I am looking forward to making a presentation for a law firm today:
Building Your Client Development Tool Kit: The nuts and bolts of business development
When I was working on this presentation, I was searching for something and came across a couple of articles on shaving I immediately saw a connection between shaving tools and client development tools.
Here is the connection:
- The principles of shaving have always been the same. But, the tools we use for shaving have dramatically changed.
- The principles of client development have always been the same. But, the tools we use to implement those principles have dramatically changed.
And, here is the most important connection:
- In both shaving and client development, the new tools are really great, especially when you do not have much time. But, to get a better shave, or to build a better and deeper relationship with potential clients, use the old tools.
I suspect I have been shaving for over 50 years. I can remember traveling along the highway and reading the Burma Shave signs.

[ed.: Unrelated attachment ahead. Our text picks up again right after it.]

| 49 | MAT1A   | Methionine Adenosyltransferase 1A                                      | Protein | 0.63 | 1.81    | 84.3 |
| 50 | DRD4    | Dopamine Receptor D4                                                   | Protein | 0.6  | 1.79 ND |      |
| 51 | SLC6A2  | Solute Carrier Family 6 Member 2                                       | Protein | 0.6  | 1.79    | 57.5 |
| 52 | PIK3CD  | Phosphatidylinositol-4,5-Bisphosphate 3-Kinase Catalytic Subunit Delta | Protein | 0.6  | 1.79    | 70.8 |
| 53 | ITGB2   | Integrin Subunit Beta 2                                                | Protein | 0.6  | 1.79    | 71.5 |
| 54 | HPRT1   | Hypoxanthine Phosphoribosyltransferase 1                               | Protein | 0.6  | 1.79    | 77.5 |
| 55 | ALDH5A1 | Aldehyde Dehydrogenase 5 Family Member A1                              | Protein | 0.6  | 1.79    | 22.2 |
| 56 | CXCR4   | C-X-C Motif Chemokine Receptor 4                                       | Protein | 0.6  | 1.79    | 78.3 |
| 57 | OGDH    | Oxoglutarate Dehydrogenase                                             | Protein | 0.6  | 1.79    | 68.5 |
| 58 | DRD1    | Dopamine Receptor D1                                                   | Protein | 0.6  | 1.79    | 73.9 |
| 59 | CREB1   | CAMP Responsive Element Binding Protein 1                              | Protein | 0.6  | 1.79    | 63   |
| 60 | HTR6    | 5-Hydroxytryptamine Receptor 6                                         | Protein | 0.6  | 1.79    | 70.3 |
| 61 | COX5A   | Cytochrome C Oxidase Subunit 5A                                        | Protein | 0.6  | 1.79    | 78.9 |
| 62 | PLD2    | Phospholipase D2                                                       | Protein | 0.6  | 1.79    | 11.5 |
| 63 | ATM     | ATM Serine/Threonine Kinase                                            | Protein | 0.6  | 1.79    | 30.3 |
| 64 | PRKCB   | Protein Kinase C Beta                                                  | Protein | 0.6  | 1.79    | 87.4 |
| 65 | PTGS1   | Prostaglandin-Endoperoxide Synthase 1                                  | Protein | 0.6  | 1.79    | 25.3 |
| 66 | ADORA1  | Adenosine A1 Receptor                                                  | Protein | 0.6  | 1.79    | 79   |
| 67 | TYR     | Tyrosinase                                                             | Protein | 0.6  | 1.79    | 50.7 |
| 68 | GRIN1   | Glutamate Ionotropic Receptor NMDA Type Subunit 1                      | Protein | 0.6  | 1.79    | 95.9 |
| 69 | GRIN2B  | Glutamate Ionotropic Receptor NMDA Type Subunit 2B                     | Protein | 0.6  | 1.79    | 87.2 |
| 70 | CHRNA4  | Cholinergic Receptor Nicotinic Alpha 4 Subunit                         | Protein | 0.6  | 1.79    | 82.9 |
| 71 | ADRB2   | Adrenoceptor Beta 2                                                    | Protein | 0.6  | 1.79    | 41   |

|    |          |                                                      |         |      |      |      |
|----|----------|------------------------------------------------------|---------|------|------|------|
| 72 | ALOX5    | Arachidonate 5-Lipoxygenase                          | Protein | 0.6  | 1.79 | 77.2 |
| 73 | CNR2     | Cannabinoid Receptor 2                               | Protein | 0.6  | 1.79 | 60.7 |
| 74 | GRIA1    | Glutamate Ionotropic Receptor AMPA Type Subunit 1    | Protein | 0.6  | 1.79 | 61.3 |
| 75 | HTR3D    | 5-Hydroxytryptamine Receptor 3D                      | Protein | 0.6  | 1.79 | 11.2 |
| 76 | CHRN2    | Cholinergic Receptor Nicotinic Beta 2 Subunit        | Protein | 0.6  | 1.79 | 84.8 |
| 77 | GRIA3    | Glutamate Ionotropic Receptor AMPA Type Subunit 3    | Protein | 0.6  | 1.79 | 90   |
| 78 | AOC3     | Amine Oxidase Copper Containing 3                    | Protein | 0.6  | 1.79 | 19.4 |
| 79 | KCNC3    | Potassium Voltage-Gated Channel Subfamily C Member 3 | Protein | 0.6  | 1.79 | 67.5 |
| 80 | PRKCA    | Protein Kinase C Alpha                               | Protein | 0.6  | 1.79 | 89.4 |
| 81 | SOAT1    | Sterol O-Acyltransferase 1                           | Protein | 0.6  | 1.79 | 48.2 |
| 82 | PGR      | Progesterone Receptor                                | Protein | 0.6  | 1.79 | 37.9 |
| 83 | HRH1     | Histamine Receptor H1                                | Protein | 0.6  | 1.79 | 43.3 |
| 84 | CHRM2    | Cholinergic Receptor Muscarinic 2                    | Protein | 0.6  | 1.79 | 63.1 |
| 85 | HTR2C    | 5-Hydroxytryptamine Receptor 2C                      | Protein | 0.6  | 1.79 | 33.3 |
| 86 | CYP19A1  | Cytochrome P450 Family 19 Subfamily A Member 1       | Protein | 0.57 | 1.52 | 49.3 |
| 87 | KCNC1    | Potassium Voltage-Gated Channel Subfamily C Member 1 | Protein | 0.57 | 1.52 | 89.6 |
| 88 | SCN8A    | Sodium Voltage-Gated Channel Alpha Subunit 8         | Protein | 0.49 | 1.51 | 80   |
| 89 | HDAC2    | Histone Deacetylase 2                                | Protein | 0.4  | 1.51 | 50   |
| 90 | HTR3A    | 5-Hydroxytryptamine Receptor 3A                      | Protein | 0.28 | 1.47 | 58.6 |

Later, I remember when Edge Shaving Gel was introduced in 1970. Next, disposable razors were introduced followed by multi-blade razors. That all prompted the New York Times article: Shaving With Five Blades When Maybe Two Will Do.
Recently I saw an article: How to get that perfect shave from the Today Show Weekend Edition. Here is the essence of the article:
Now that men of all ages are paying more attention to their appearance, it’s no wonder that the hottest trend right now in male grooming is a return to the traditional wet shave – and millions of men have been shocked to discover that the “old fashioned” method of shaving they thought went out with the Hula Hoop is actually the best quality shave you can get.
After reading the Today show article, I ordered two of the recommended shaving creams. Over the years I have become a huge fan of Taylor of Old Bond Street.
So, what would I say about client development? Maybe something like this:
In 2017, lawyers are paying more attention to client development than ever before. The new tools, like blogging and social media, enable lawyers to more easily become visible and credible to potential clients. As a result, they are the hottest trends in client development right now. But, to build long-lasting, trust-based relationships with clients, potential clients and referral sources, use the old tools that some thought went out with hand-written notes.
Out of curiosity, how are your lawyers doing with the new client development tools? The old ones? Do they need an update?